Muscle Contraction and a Really Cool Protein Called Myosin
Written by Invictus Member Dr. Irene Tobias

Have you ever wondered what powers your muscles at the molecular level and is the source of all voluntary movement and force production in your body? A really cool protein known as myosin ultimately drives all of our power – here is a basic description on how it is thought to work!

What is myosin?

Myosin is one of the most fascinating molecules in our bodies. It’s the protein complex that’s principally responsible for muscle contraction. Myosin is a “molecular motor” – it uses a compound known as adenosine tri-phosphate (ATP, our cellular energy currency derived from glucose) as its fuel, converting it into mechanical energy to drive every voluntary movement that we make as organisms. So in other words, it’s an athletic protein that does a lot of work, all day.

How does myosin drive muscle contraction?

Many myosin complexes band together to form a long collective unit known as a myosin filament. Each myosin works by stepping its way across a protein known as actin – another long filament that essentially supplies a runway for myosin to move along. The two heads of the myosin complex (known as Myosin Heavy Chains or MHCs) perform an awesome microscopic functional movement known as a power stroke that is driven by ATP. The MHCs bind to actin and drag it along so that the actin filament slides past the myosin filament. Think of this movement almost like the efforts of several CrossFit Games team athletes (each one representing a myosin molecule on a filament “team”) working together in unison to slide a heavy sled across a surface. The process of many pairs of myosin and actin filaments sliding opposite to one another occurs within a larger unit of a muscle fiber known as a sarcomere to which the actin filaments are anchored. This mechanical process involves a repetitive shortening and lengthening of the sarcomere, rather like an elastic band. Many sarcomeres shortening and lengthening together in unison produce the net effect of muscle contraction.

How do your nerves regulate skeletal muscle contraction?

Your skeletal muscles differ from the cardiac and smooth muscles in your body in that you have the ability to actively control their movement (i.e. voluntary contraction). Nerves are connected to your individual skeletal muscle fibers and regulate contraction through electrical impulses that ultimately generate the release of calcium within your sarcomeres. Calcium has a key role in controlling whether your muscle fibers are in a relaxed or a contracted state. It functions through regulating the opposing actions of two important signaling proteins known as tropomyosin and troponin. Signaling proteins are the master switches of molecular processes within our bodies, ultimately determining whether a process such as muscle contraction is turned on or off. Tropomyosin is the “stop” signal for contraction, i.e. it turns on a relaxed state. It works by competing with myosin, binding to the same sites on actin where myosin binds, effectively blocking myosin from performing its work. Troponin combats this effect and processes the “go” signal for muscle contraction. It works when turned on by calcium to relieve the binding of tropomyosin to actin, thus allowing myosin to bind and perform the power stroke.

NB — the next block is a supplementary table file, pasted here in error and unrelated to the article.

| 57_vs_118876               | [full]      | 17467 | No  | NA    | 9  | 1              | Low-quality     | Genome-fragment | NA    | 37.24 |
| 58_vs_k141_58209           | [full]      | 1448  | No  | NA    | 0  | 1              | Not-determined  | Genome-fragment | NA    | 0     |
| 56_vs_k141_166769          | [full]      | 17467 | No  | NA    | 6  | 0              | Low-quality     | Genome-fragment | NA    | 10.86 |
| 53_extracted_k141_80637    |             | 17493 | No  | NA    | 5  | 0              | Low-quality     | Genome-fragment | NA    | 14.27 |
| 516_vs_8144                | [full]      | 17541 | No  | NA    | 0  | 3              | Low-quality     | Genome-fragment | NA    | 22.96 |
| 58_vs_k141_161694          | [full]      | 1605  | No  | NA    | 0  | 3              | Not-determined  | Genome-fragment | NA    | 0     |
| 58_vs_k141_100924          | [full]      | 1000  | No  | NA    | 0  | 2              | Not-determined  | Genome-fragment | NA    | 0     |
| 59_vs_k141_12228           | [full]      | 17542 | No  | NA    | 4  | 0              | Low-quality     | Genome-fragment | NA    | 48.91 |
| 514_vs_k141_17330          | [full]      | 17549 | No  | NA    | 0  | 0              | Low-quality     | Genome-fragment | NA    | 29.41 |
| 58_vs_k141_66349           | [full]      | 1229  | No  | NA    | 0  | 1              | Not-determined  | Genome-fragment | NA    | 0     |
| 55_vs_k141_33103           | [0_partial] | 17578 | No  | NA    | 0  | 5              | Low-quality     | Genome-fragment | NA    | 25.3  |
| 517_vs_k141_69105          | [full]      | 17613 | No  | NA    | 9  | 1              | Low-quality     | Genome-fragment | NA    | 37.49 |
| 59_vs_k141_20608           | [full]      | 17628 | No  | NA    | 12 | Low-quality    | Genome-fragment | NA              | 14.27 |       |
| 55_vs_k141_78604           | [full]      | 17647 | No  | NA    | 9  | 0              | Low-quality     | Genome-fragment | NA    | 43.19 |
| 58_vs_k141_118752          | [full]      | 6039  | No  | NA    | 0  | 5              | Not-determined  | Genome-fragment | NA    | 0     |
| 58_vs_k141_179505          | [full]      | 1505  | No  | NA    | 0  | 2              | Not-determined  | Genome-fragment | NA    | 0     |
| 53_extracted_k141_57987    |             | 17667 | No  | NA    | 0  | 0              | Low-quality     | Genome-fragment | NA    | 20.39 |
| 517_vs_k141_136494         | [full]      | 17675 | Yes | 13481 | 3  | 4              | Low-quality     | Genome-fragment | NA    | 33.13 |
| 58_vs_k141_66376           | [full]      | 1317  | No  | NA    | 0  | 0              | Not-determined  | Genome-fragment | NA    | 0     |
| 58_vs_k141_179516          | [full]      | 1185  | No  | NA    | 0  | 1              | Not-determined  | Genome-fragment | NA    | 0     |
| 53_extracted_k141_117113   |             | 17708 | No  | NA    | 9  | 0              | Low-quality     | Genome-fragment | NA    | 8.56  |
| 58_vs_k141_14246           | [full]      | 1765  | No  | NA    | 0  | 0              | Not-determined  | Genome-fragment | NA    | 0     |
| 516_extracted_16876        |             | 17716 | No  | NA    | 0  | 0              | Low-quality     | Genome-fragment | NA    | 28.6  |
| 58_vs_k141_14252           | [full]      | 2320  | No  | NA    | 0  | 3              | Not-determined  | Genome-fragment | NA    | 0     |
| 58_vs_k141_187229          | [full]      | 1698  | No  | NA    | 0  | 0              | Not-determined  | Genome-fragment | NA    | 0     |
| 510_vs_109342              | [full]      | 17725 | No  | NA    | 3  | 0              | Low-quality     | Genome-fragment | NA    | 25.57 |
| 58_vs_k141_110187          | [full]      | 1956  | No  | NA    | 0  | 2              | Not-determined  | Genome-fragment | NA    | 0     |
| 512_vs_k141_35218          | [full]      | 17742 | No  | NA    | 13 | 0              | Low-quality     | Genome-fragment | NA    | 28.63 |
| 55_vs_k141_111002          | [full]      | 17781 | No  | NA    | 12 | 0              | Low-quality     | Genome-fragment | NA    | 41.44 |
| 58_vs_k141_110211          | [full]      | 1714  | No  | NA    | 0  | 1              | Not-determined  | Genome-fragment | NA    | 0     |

If you’re curious to see this process illustrated in action, here is a short video I found online that animates the molecular mechanisms of muscle contraction. Unfortunately it comes along with a dorky science voice and uses handwriting instead of weightlifting as an example of contraction, but it’s very well done in helping to understand this process from a visual perspective:

Stay tuned for Part 2 on myosin function where I’ll attempt to break down how MHCs relate to slow twitch vs fast twitch muscle properties. And next time you’re in the gym performing a power clean, think of all those tiny myosin molecules in your body performing millions of microscopic power strokes that allow you to accomplish that task!